CDC Director Dr. Rochelle Walensky also said there was an "unfortunate and expected” uptick in COVID-19 cases and hospitalizations last week, following Thanksgiving. 

    She told reporters Monday that the rise is “especially worrisome as we move into the winter months when more people are assembling indoors with less ventilation and as we approach the holiday season where many are gathering with loved ones across multiple generations.” 

    Meanwhile, activity for respiratory syncytial virus remains high nationally, with some signs that it may be leveling off in areas like the Midwest. Hospital systems are “stretched” with high numbers of patients with respiratory illnesses, Walensky said. 

    Influenza cases continue to rise in Chicago, but RSV cases decreased in the past week, according to Dr. Allison Arwady, commissioner of the Chicago Department of Public Health. She said she was surprised by the early start to flu season this year during a Facebook Live event Tuesday. 

    There were 28 influenza-associated intensive care unit hospitalizations in Chicago during Nov. 20 and Nov. 26, the most recent surveillance week, according to a report released last Friday. Sixty influenza-associated ICU hospitalizations have been reported since Oct. 2. Chicago's flu positivity rate was 28.5 percent.

    The positivity rate for RSV decreased from 9.1 percent to 5.8 percent in Chicago. The percent of emergency department visits for children under 5 also decreased from 5.9 percent to 4.7 percent. 

    Illinois is at a very high level of flu activity, according to the CDC. Meanwhile, COVID-19 cases and hospitalizations are on the rise in Illinois, which has a dozen counties at the level where the CDC recommends public indoor masking.

    Dr. Sandra Fryhofer, board chair of the American Medical Association and a professor at Emory University School of Medicine, encouraged people to get vaccinated and stay home when sick. 

    "Flu is here — it started early," she said. "And with COVID and RSV also circulating, it's a perfect storm for a terrible holiday season."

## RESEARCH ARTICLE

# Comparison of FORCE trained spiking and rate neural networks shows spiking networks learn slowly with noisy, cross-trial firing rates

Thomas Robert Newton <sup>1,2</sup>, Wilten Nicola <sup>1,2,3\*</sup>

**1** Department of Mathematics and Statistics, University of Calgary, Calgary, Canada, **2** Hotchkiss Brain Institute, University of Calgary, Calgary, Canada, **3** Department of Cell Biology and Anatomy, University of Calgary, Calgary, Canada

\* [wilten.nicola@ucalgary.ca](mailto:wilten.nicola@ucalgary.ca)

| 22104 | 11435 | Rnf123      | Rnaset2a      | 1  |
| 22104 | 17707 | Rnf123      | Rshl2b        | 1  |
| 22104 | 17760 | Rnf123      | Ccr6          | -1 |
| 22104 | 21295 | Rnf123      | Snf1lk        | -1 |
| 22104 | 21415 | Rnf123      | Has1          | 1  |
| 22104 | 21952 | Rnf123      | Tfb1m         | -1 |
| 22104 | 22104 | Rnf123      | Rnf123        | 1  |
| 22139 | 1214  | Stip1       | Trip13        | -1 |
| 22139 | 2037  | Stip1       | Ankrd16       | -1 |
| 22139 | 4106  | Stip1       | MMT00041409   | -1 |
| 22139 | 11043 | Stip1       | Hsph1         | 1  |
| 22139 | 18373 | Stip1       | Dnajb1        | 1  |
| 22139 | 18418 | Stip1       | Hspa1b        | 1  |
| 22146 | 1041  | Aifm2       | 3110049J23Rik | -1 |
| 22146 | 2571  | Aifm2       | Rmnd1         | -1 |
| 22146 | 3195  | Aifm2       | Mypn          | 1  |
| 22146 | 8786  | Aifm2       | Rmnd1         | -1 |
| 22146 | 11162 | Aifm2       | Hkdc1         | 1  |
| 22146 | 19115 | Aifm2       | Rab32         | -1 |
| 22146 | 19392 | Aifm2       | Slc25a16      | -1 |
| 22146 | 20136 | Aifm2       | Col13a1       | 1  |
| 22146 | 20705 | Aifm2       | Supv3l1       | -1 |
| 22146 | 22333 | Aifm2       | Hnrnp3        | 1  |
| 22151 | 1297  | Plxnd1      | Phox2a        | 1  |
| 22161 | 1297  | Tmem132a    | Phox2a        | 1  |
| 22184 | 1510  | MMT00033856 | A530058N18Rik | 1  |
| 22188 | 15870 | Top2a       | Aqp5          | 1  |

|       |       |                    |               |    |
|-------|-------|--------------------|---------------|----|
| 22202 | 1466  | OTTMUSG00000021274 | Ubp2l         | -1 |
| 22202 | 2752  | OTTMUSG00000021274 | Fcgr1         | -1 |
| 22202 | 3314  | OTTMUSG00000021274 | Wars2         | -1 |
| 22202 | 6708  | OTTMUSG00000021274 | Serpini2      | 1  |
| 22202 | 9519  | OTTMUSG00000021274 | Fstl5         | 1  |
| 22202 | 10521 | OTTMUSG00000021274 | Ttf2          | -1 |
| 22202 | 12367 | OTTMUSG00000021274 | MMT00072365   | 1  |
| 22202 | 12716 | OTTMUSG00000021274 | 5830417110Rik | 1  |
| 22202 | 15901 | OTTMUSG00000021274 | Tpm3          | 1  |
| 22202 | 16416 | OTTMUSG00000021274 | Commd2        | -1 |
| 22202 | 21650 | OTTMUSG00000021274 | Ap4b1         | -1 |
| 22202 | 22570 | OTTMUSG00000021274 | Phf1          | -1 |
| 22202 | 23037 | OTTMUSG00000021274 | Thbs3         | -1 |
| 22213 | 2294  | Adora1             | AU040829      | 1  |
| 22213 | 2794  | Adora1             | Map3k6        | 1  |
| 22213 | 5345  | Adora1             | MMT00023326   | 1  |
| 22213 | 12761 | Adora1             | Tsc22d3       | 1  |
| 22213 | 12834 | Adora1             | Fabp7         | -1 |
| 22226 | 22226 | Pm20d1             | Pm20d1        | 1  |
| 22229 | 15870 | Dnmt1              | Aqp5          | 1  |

• 6 Dec 2022 8:46 PM | Deborah Hodges (Administrator)

    Angela McGhee never trusted the tap water flowing from the faucets of her more than century-old home. [SunTimes 12.4.2022]

    Now, beginning in January, the city will be required under state law to replace lead service pipes every time there is a break or leak in a water line. That will force the city to replace what’s estimated will be at least 4,000 lead lines a year, perhaps 5,000.

    “The problem is this city has the largest lead service line problem in the country, stated Erik Olson, senior strategic director of public health for the private Natural Resources Defense Council. 

    The 50-year-old Chatham resident gets her drinking water from store-bought bottles because she suspected her tap water might contain high levels of brain-damaging lead. 

    Last year, McGhee decided to look into a city of Chicago program that fully paid for replacement of lead service lines for low-income residents. A number of her friends and neighbors are suspicious of the program, McGhee said, but she went ahead. By August, her lead line was replaced with a copper pipe.

    “If we don’t have our health, we have nothing else,” she said.

    McGhee, who lives with her husband, is one of only 280 Chicago homeowners who have had a lead service line — the connecting pipe between a home and water main — replaced under city-sponsored programs the past two years. 

    Full article here>